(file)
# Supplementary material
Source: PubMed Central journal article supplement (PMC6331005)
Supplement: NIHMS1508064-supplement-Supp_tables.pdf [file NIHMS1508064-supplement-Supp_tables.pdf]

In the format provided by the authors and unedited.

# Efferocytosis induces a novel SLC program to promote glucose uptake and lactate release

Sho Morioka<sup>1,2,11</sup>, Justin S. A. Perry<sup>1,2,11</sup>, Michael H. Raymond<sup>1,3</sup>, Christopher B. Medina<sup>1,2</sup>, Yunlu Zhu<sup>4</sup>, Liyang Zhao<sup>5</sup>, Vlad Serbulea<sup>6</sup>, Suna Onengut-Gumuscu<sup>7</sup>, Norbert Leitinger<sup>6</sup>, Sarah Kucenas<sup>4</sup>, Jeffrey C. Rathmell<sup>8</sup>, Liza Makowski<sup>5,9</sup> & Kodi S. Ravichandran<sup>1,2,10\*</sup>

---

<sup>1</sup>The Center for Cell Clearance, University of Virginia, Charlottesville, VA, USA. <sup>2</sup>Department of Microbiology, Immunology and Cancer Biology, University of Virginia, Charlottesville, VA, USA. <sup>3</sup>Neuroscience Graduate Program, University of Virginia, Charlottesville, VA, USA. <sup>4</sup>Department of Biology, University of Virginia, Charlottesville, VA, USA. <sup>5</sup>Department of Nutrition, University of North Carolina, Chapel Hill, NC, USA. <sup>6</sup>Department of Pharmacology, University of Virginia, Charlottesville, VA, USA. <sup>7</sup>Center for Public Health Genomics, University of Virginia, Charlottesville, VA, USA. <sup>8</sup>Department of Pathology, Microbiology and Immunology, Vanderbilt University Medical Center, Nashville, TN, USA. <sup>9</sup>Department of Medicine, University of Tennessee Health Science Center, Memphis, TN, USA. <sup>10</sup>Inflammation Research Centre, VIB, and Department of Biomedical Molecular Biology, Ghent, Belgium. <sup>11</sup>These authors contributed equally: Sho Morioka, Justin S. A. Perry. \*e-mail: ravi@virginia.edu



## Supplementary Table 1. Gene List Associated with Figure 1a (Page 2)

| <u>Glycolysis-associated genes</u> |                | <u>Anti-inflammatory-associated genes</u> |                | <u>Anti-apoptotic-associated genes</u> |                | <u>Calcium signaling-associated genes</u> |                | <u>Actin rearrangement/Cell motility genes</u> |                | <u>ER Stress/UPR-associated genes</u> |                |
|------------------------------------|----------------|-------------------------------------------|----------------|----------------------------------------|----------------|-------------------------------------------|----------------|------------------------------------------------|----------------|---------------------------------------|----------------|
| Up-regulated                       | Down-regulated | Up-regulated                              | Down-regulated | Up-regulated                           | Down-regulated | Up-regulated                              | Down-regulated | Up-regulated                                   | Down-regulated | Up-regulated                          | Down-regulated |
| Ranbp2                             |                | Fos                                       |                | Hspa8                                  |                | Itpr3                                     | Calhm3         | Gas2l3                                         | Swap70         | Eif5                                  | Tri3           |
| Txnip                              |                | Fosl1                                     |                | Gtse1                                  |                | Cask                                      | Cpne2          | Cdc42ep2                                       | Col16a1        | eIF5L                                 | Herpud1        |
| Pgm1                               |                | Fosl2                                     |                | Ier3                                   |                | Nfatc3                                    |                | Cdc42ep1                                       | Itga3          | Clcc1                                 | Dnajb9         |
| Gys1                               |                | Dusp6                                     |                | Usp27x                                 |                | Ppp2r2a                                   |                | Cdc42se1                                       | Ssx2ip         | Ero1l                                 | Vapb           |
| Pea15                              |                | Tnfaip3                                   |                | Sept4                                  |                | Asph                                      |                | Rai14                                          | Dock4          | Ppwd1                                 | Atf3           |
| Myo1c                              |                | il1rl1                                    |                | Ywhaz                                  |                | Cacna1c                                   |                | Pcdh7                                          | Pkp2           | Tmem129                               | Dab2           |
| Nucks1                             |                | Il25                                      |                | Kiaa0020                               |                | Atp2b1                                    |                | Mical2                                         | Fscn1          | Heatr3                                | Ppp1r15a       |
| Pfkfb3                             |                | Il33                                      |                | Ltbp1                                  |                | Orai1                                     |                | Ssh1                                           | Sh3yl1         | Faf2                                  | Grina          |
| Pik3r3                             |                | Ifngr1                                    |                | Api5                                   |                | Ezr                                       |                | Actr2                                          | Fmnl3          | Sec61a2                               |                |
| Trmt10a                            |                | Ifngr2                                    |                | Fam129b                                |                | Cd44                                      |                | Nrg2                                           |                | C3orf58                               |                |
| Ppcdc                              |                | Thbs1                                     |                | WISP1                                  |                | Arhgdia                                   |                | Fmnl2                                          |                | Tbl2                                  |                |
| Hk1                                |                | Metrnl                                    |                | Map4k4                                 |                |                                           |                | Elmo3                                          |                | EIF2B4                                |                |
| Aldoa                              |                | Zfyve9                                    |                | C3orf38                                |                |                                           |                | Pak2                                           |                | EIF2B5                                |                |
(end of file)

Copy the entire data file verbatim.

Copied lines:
# Supplementary material
Source: PubMed Central journal article supplement (PMC6331005)
Supplement: NIHMS1508064-supplement-Supp_tables.pdf [file NIHMS1508064-supplement-Supp_tables.pdf]

In the format provided by the authors and unedited.

# Efferocytosis induces a novel SLC program to promote glucose uptake and lactate release

Sho Morioka<sup>1,2,11</sup>, Justin S. A. Perry<sup>1,2,11</sup>, Michael H. Raymond<sup>1,3</sup>, Christopher B. Medina<sup>1,2</sup>, Yunlu Zhu<sup>4</sup>, Liyang Zhao<sup>5</sup>, Vlad Serbulea<sup>6</sup>, Suna Onengut-Gumuscu<sup>7</sup>, Norbert Leitinger<sup>6</sup>, Sarah Kucenas<sup>4</sup>, Jeffrey C. Rathmell<sup>8</sup>, Liza Makowski<sup>5,9</sup> & Kodi S. Ravichandran<sup>1,2,10\*</sup>

---

<sup>1</sup>The Center for Cell Clearance, University of Virginia, Charlottesville, VA, USA. <sup>2</sup>Department of Microbiology, Immunology and Cancer Biology, University of Virginia, Charlottesville, VA, USA. <sup>3</sup>Neuroscience Graduate Program, University of Virginia, Charlottesville, VA, USA. <sup>4</sup>Department of Biology, University of Virginia, Charlottesville, VA, USA. <sup>5</sup>Department of Nutrition, University of North Carolina, Chapel Hill, NC, USA. <sup>6</sup>Department of Pharmacology, University of Virginia, Charlottesville, VA, USA. <sup>7</sup>Center for Public Health Genomics, University of Virginia, Charlottesville, VA, USA. <sup>8</sup>Department of Pathology, Microbiology and Immunology, Vanderbilt University Medical Center, Nashville, TN, USA. <sup>9</sup>Department of Medicine, University of Tennessee Health Science Center, Memphis, TN, USA. <sup>10</sup>Inflammation Research Centre, VIB, and Department of Biomedical Molecular Biology, Ghent, Belgium. <sup>11</sup>These authors contributed equally: Sho Morioka, Justin S. A. Perry. \*e-mail: ravi@virginia.edu



## Supplementary Table 1. Gene List Associated with Figure 1a (Page 2)

| <u>Glycolysis-associated genes</u> |                | <u>Anti-inflammatory-associated genes</u> |                | <u>Anti-apoptotic-associated genes</u> |                | <u>Calcium signaling-associated genes</u> |                | <u>Actin rearrangement/Cell motility genes</u> |                | <u>ER Stress/UPR-associated genes</u> |                |
|------------------------------------|----------------|-------------------------------------------|----------------|----------------------------------------|----------------|-------------------------------------------|----------------|------------------------------------------------|----------------|---------------------------------------|----------------|
| Up-regulated                       | Down-regulated | Up-regulated                              | Down-regulated | Up-regulated                           | Down-regulated | Up-regulated                              | Down-regulated | Up-regulated                                   | Down-regulated | Up-regulated                          | Down-regulated |
| Ranbp2                             |                | Fos                                       |                | Hspa8                                  |                | Itpr3                                     | Calhm3         | Gas2l3                                         | Swap70         | Eif5                                  | Tri3           |
| Txnip                              |                | Fosl1                                     |                | Gtse1                                  |                | Cask                                      | Cpne2          | Cdc42ep2                                       | Col16a1        | eIF5L                                 | Herpud1        |
| Pgm1                               |                | Fosl2                                     |                | Ier3                                   |                | Nfatc3                                    |                | Cdc42ep1                                       | Itga3          | Clcc1                                 | Dnajb9         |
| Gys1                               |                | Dusp6                                     |                | Usp27x                                 |                | Ppp2r2a                                   |                | Cdc42se1                                       | Ssx2ip         | Ero1l                                 | Vapb           |
| Pea15                              |                | Tnfaip3                                   |                | Sept4                                  |                | Asph                                      |                | Rai14                                          | Dock4          | Ppwd1                                 | Atf3           |
| Myo1c                              |                | il1rl1                                    |                | Ywhaz                                  |                | Cacna1c                                   |                | Pcdh7                                          | Pkp2           | Tmem129                               | Dab2           |
| Nucks1                             |                | Il25                                      |                | Kiaa0020                               |                | Atp2b1                                    |                | Mical2                                         | Fscn1          | Heatr3                                | Ppp1r15a       |
| Pfkfb3                             |                | Il33                                      |                | Ltbp1                                  |                | Orai1                                     |                | Ssh1                                           | Sh3yl1         | Faf2                                  | Grina          |
| Pik3r3                             |                | Ifngr1                                    |                | Api5                                   |                | Ezr                                       |                | Actr2                                          | Fmnl3          | Sec61a2                               |                |
| Trmt10a                            |                | Ifngr2                                    |                | Fam129b                                |                | Cd44                                      |                | Nrg2                                           |                | C3orf58                               |                |
| Ppcdc                              |                | Thbs1                                     |                | WISP1                                  |                | Arhgdia                                   |                | Fmnl2                                          |                | Tbl2                                  |                |
| Hk1                                |                | Metrnl                                    |                | Map4k4                                 |                |                                           |                | Elmo3                                          |                | EIF2B4                                |                |
| Aldoa                              |                | Zfyve9                                    |                | C3orf38                                |                |                                           |                | Pak2                                           |                | EIF2B5                                |                |